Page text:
Nuchal Cords

Nuchal Cords

A nuchal cord is a medical condition where the umbilical cord becomes wrapped around the baby’s neck during pregnancy or labor.  The term ‘nuchal’ originates from the Latin word ‘nucha,’ which refers to the ‘nape of the neck’ or the ‘back of the neck.’  This results in the formation of a loop known as the nuchal cord.

It is hard to harm the umbilical cord because it is sheathed by a protective, gristle-like substance called Wharton’s Jelly, which acts as a cushion and prevents compression of the blood vessels within the cord.  Therefore, it is challenging for the baby to harm the umbilical cord, even if it becomes wrapped around the neck.

Nuchal cords are commonly observed and occur in approximately 20%[1] of normal deliveries.  Generally, the presence of a single loose loop is rarely associated with adverse risks.  However, as the number of loops around the neck increases, the likelihood of adverse outcomes also rises.  Despite the initial concern that a nuchal cord diagnosis might cause parents, it is essential to note that severe side effects or stillbirths due to nuchal cords are extremely rare.


The exact cause of nuchal cords is not fully understood.  Several factors may contribute to this occurrence:

Fetal Movement:  Random fetal movements appear to be the primary cause of a nuchal cord.  Babies play with their cords all the time.  They grab the cord, swim around, and sometimes they get tangled in the cord. 

Long Umbilical Cord: In some cases, a longer-than-average umbilical cord can increase the likelihood of looping around the baby’s neck.

Multiple Pregnancies: Nuchal cords are more common in multiple pregnancies (twins, triplets, etc.) due to the limited space and increased movements of multiple fetuses.

Amniotic Fluid Volume: Excessive amniotic fluid may increase the risk of nuchal cords, as there is more room for the baby to move and potentially entangle the cord.

Baby’s Position: The baby’s position in the womb can also play a role. For example, breech presentation (feet or buttocks first) or transverse lie (sideways position) may increase the chances of a nuchal cord.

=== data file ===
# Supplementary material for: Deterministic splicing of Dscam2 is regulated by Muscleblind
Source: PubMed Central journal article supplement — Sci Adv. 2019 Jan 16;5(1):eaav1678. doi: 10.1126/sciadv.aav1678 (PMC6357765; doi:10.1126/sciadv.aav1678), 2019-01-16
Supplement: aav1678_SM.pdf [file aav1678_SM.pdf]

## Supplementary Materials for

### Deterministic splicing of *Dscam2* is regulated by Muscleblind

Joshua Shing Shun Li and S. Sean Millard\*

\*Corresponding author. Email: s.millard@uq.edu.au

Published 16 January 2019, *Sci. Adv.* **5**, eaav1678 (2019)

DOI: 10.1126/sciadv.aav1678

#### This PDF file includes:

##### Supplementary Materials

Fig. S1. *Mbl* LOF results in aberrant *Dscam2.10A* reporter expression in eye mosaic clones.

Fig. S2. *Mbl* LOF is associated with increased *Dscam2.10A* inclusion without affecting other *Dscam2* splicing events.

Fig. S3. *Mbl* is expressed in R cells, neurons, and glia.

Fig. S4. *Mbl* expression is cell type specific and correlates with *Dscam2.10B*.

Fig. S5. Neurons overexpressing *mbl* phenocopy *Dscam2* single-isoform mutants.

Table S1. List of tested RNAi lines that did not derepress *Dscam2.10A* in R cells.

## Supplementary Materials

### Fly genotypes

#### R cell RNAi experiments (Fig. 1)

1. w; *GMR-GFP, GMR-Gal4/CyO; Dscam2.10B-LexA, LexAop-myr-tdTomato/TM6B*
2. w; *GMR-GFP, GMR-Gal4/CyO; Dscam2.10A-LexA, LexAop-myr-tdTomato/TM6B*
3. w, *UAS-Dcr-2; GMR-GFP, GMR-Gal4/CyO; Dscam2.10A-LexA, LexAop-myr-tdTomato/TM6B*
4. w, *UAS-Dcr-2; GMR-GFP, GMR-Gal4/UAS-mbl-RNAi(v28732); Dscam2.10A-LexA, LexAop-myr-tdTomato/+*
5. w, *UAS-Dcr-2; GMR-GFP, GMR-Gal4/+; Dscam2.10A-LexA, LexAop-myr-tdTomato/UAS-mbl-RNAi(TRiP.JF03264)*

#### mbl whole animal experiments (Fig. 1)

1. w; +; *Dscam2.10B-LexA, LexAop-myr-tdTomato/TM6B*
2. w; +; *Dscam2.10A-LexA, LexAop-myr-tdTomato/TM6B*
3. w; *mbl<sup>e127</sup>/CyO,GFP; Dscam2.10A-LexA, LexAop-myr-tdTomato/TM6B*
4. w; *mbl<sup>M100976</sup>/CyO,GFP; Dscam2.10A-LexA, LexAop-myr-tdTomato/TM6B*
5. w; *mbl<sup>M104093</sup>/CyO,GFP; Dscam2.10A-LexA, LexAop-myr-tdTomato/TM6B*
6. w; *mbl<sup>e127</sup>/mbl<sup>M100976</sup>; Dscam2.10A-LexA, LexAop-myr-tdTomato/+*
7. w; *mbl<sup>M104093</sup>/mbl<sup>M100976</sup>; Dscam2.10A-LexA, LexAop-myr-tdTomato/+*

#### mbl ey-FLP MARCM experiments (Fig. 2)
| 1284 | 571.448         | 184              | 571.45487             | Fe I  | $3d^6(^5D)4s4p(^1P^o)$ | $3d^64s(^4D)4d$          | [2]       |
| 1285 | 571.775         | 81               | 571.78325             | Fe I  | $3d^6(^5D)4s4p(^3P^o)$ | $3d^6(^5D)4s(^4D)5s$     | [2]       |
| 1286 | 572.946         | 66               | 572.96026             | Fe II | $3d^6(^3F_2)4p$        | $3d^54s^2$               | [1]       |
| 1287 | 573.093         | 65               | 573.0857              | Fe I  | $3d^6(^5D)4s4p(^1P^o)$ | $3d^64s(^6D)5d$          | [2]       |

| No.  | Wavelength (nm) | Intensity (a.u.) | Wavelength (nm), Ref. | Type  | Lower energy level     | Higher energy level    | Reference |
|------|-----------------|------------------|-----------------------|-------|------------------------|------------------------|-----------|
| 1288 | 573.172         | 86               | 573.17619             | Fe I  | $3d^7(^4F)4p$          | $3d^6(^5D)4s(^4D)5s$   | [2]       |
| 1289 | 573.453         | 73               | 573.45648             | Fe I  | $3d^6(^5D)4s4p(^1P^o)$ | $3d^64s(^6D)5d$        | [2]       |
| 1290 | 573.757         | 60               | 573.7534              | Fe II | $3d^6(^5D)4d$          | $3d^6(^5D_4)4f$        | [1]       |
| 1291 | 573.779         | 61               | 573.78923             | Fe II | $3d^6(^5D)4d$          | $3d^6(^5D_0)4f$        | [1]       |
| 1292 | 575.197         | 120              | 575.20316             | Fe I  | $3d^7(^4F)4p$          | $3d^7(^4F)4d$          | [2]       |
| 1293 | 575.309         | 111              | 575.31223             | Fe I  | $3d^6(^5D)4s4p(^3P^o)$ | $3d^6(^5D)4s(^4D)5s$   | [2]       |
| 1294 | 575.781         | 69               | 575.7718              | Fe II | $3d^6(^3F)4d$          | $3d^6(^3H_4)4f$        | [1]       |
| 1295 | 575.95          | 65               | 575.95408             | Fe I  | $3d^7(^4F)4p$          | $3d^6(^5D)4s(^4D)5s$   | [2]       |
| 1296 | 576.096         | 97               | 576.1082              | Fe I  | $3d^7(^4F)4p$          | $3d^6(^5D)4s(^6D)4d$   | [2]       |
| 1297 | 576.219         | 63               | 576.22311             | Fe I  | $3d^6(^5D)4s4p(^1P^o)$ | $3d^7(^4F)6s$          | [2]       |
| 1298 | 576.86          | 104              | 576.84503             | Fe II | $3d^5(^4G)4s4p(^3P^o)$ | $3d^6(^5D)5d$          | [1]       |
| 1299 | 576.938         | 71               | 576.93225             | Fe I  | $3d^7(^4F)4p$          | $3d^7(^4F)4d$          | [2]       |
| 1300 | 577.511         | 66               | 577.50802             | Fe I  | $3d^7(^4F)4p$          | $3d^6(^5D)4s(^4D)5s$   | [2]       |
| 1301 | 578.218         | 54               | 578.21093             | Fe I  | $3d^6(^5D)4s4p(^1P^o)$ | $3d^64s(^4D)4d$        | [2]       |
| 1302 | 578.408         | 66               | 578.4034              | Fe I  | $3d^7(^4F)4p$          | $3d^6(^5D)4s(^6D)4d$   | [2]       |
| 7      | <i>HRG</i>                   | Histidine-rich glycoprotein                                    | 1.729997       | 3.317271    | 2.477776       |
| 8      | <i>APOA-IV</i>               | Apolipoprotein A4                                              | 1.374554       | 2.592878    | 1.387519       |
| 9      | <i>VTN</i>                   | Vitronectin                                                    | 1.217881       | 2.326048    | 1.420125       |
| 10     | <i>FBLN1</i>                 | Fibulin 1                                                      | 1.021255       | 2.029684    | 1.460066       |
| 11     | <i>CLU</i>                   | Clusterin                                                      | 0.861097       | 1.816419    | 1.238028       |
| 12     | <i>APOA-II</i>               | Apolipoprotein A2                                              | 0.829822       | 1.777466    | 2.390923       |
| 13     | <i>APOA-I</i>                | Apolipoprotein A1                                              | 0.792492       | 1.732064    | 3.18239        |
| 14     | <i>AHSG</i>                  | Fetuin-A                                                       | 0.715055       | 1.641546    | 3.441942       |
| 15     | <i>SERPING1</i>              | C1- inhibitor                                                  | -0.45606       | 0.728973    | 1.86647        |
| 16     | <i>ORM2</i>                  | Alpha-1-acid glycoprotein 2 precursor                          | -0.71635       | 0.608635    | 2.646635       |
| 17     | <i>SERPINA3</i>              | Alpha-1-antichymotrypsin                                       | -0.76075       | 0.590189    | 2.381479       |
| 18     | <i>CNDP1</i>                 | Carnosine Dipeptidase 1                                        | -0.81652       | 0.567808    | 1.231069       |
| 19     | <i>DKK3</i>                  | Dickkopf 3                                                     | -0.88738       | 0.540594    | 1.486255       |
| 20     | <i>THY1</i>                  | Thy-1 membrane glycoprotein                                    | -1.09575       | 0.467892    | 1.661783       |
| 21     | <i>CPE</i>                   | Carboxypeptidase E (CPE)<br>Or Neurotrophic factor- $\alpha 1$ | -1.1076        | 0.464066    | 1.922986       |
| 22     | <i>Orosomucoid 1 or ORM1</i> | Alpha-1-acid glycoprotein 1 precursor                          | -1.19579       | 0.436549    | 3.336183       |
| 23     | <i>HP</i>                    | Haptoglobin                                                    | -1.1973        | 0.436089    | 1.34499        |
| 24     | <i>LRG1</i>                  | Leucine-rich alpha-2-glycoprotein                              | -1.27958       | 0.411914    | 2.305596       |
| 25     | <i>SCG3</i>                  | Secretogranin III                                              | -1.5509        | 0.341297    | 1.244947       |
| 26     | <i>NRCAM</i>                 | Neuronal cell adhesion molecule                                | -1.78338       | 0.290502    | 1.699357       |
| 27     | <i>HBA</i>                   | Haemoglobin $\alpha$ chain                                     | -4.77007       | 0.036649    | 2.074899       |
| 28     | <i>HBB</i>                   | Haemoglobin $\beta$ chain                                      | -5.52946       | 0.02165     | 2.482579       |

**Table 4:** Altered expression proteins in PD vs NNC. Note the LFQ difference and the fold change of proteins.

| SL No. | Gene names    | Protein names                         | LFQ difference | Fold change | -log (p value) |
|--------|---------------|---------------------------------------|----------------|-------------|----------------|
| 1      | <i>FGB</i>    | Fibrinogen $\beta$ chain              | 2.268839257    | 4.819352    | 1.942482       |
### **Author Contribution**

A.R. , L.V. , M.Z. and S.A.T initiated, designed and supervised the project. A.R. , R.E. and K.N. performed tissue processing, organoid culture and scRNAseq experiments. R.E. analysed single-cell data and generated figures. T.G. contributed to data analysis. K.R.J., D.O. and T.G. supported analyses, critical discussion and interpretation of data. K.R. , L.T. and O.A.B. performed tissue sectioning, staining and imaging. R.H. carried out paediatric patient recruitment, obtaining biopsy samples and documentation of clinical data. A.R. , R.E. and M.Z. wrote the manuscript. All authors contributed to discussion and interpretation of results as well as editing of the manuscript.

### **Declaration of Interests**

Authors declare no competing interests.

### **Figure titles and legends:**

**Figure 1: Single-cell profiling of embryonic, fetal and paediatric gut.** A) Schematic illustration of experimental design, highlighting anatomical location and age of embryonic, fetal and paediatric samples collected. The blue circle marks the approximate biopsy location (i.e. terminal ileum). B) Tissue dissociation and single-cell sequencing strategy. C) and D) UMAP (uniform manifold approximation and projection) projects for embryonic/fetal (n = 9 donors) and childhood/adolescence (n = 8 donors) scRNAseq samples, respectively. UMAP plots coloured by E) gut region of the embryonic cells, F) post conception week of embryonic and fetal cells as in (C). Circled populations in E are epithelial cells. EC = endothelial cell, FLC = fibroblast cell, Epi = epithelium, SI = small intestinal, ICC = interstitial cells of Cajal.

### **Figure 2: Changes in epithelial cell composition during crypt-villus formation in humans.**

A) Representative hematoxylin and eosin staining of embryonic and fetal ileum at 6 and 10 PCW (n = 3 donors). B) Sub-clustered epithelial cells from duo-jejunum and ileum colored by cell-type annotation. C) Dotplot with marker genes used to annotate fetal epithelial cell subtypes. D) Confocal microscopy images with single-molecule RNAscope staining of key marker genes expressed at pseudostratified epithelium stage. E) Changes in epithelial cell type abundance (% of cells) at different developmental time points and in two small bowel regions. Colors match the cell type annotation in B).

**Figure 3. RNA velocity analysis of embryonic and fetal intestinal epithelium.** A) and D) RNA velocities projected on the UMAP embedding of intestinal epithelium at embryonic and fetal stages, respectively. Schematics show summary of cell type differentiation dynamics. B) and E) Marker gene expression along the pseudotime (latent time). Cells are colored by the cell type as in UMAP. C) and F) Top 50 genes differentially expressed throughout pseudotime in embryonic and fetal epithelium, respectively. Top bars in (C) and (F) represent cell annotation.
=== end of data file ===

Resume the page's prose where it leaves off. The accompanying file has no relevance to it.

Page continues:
Risks Involved

Nuchal cords become problematic when the cord is wrapped tightly around the baby or has multiple loops.  The risks involved with a nuchal cord may include:

Reduced Blood Flow:  If a nuchal cord tightens in utero, this may compress the umbilical cord, reducing blood flow to the baby.  This can decrease the fetus’s oxygen and nutrient supply, potentially leading to fetal distress.  In some cases, a cord may tighten around the baby’s neck during labor, potentially leading to compression of the cord and compromising blood flow.  This may result in an emergency intervention such as a cesarean section to ensure the baby’s safe delivery.

Abnormal Heart Rate:  A nuchal cord can cause temporary fluctuations in the baby’s heart rate during labor, which may necessitate continuous monitoring and further medical intervention.

Cord Prolapse:  If the nuchal cord is positioned ahead of the baby during delivery, it can lead to cord prolapse, where the cord emerges from the birth canal before the baby. Cord prolapse is a medical emergency that requires immediate attention to avoid potential complications.


There is no current known way to prevent or treat nuchal cords.  When a nuchal cord is detected during pregnancy, doctors may monitor the situation through regular ultrasound examinations to assess the baby’s growth and well-being. 

In many cases, the cord is wrapped loosely enough to slip over the baby’s head naturally.  During the delivery process, the practitioner will ask the mother not to push while carefully maneuvering the umbilical cord from around the baby’s neck.  If the cord is wrapped too tightly and poses a risk, the practitioner will clamp and cut the cord before the baby is fully delivered. However, it’s important to note that cutting the cord in such situations is very rare and may only happen a handful of times during a practitioner’s career.

Whenever there is a reason for concern, the doctor may recommend a cesarean birth to ensure the safety of both the mother and the baby.  It’s essential to remember that experiencing a nuchal cord in one pregnancy does not necessarily imply that future pregnancies will have the same condition.

Medical professionals are well-trained to handle situations involving nuchal cords and other pregnancy-related concerns. Trusting in the expertise and experience of your healthcare team can provide reassurance and confidence throughout the journey of pregnancy and childbirth.

Author: Karen Synesiou, Infertility Portal, Inc.

[1] A, Biron-Shental T. Multiple nuchal cord loops and neonatal outcomesAmerican Journal of Obstetrics and Gynecology. 2018;218(1):S91. doi:10.1016/j.ajog.2017.10.104